Former U.S. Army Green Beret veteran and NFL player, Nate Boyer, delivers an outstanding directional debut with MVP. The film contains an inspiring, vital message about the support military veterans need to be receiving. It will certainly give viewers a compelling outlook involving the worlds of both the U.S. military and professional football that’ll create a better empathic understanding from their point of view. MVP builds an excellent foundation setting the film as a successful feature with a well-written script and an ensemble cast. Boyer, who served six tours of duty in Iraq and Afghanistan, brings MVP to life, in which he serves as the writer, producer, actor, and director.
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Spoiler WarningMVP is based on the true story of the formation of Merging Vets & Players (MVP), a nonprofit founded by Boyer and Fox Sports NFL Insider Jay Glazer. On the streets of Hollywood, a recently retired NFL player is saved from scandal by a homeless veteran. With their “glory days” behind them, the two men bond in search of purpose and identity. Will Phillips (Mo McRae) thinks he’s ready for his first year as a ‘civilian’ since retiring from the NFL. But the truth is, the league retired him.
No one wants the journeyman’s services and like even the greatest players, Will is replaced by someone stronger, faster, and above all, younger. Being a Heisman Trophy candidate and a first-round pick has given Will a decent ego, which was kept somewhat in-check over his career due to injuries, coaching changes, bad teams, but mostly by his wife, Tracy (Christina Ochoa), and more recently their daughter Angel (Talia Jackson). Now that he’s out of the NFL, Will’s ego is under attack, and his actions are becoming reckless. When a night of liquor and pills leads to driving his car into a tree, Will is saved by a man named, Zephyr (Boyer), who is on a similar path.
PTSD is Not Just A Veteran Issue
Will Phillips truly misses his days on the field and in the locker room. Zephyr, who is a Marine Corps veteran, is living in a veteran shelter located in Los Angeles. The unlikely two cross paths after Phillips returns home late one evening after a hard day’s drinking. Zephyr, who works as Phillip’s gated compound’s security guard, comes to his aid when Phillips appears to be driving under the influence. From there, the film takes an interesting and engaging route with the two characters developing a special bond with each other, one as a professional athlete and the other as a veteran service member.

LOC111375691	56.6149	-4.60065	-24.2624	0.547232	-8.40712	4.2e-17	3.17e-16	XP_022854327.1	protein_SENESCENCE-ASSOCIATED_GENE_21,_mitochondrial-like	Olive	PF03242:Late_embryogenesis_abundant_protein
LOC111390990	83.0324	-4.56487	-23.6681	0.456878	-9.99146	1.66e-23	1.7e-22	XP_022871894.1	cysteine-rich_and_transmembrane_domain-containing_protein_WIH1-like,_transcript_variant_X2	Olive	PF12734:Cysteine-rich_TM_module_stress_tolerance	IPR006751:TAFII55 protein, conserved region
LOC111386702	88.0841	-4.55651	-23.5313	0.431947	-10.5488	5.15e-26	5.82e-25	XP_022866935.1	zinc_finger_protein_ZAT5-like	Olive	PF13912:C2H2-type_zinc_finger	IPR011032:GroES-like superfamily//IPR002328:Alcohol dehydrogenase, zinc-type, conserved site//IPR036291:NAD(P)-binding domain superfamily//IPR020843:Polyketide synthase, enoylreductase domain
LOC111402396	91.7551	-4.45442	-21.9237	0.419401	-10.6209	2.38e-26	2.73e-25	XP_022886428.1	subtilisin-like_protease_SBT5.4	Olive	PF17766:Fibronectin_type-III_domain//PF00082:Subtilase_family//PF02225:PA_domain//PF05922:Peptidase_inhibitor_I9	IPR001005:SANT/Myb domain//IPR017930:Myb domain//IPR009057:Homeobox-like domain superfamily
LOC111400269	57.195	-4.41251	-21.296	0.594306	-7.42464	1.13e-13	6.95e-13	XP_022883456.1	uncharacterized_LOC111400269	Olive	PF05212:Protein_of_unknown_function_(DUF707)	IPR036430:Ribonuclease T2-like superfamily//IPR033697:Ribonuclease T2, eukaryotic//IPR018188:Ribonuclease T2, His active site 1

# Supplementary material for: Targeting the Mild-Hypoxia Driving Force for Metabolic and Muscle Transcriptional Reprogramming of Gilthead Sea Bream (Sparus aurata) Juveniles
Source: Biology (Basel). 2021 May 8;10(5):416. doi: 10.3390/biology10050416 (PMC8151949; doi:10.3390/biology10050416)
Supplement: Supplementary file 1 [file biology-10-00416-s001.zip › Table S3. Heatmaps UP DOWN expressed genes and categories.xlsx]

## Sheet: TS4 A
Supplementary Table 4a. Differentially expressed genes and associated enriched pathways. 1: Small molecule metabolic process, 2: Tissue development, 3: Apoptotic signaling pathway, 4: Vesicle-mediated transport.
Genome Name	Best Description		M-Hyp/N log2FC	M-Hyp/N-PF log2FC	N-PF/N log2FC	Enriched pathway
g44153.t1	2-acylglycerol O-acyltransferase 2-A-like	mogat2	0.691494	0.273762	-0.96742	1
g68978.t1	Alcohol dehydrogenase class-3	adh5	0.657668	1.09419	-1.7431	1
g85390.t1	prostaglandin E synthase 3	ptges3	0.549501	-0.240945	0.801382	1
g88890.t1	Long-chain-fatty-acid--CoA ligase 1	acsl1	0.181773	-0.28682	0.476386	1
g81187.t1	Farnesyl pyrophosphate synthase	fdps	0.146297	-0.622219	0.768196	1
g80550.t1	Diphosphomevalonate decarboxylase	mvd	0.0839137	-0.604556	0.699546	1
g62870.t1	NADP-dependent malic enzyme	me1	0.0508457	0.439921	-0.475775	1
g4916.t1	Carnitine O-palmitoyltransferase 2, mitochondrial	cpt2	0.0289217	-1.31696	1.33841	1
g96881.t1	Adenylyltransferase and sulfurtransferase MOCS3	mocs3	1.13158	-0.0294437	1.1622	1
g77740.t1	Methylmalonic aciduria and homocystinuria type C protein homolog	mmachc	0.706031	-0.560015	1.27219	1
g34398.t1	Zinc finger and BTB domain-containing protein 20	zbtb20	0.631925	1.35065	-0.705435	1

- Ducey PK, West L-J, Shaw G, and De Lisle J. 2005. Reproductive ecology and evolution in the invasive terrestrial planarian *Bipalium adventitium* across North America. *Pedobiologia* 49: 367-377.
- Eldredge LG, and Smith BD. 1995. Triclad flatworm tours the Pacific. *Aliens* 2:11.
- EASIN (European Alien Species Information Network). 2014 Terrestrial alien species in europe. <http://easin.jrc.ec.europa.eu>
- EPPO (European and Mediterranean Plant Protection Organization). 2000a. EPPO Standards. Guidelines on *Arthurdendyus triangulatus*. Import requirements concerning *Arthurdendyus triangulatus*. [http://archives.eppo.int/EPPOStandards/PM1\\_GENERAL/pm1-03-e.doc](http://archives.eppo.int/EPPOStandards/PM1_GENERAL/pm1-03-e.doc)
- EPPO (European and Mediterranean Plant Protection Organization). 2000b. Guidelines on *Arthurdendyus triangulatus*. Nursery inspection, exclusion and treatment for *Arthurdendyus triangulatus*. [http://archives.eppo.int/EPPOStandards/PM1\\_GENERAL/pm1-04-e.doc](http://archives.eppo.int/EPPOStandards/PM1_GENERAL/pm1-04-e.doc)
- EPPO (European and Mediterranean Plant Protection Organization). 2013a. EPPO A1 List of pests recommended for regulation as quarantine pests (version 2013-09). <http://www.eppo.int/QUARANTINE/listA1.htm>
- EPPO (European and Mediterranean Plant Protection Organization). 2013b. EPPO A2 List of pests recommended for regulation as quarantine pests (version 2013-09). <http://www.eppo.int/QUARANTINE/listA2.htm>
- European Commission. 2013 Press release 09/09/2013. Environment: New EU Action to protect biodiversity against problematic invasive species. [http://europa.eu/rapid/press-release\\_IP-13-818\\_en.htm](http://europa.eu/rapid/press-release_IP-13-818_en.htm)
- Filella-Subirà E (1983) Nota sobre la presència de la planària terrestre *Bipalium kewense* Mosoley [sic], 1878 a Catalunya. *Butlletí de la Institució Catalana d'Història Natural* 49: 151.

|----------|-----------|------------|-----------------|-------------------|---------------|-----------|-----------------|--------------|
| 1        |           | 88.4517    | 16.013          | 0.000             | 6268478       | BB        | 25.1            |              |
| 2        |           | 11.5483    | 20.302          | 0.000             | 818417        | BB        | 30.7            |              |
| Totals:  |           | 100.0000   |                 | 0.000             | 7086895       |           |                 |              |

Camaraderie builds as Phillips becomes more engaged with Zephyr and his fellow veteran friends. Phillips himself starts to come to terms with his own life purpose, accepting the end of his professional football career. As the film continues, viewers will get to witness Phillips and Zephyr bond during plenty of physical training at the gym, horseback riding, and tear-jerking conversations on the California beaches. Zephyr eventually meets his love interest, Emmy (Dina Shihabi), who is also going through life challenges of her own.
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MVP Hits So Close to Home
MVP empowers and connects combat veterans and former professional athletes, providing them with a new team to assist with the transition to civilian life, promote personal development, and show them they are never alone. The film reveals the common and real-life challenges faced by military veterans and professional athletes adjusting to a new life once the uniform comes off. The message the film conveyed struck so hard that it may move viewers to tears. The plot of MVP is strongly relatable as suicide has become a plague among combat veterans in the real world.
A great number of veterans helped the development of MVP. Veterans were involved in nearly every department of the project except for cinematography. Boyer used almost 30 veterans for on-screen roles and successfully convinced former NFL players like Hall of Famers Tony Gonzalez, Howie Long, and Michael Strahan to take part as well. MVP was filmed in roughly 24 days and serves as an impressive achievement for Boyer’s directorial debut. Whatever he decides to take on as his next project, it will definitely be worth a watch.
MVP will premiere on various VOD platforms and will also have a limited theater release on November 11th (Veterans Day).
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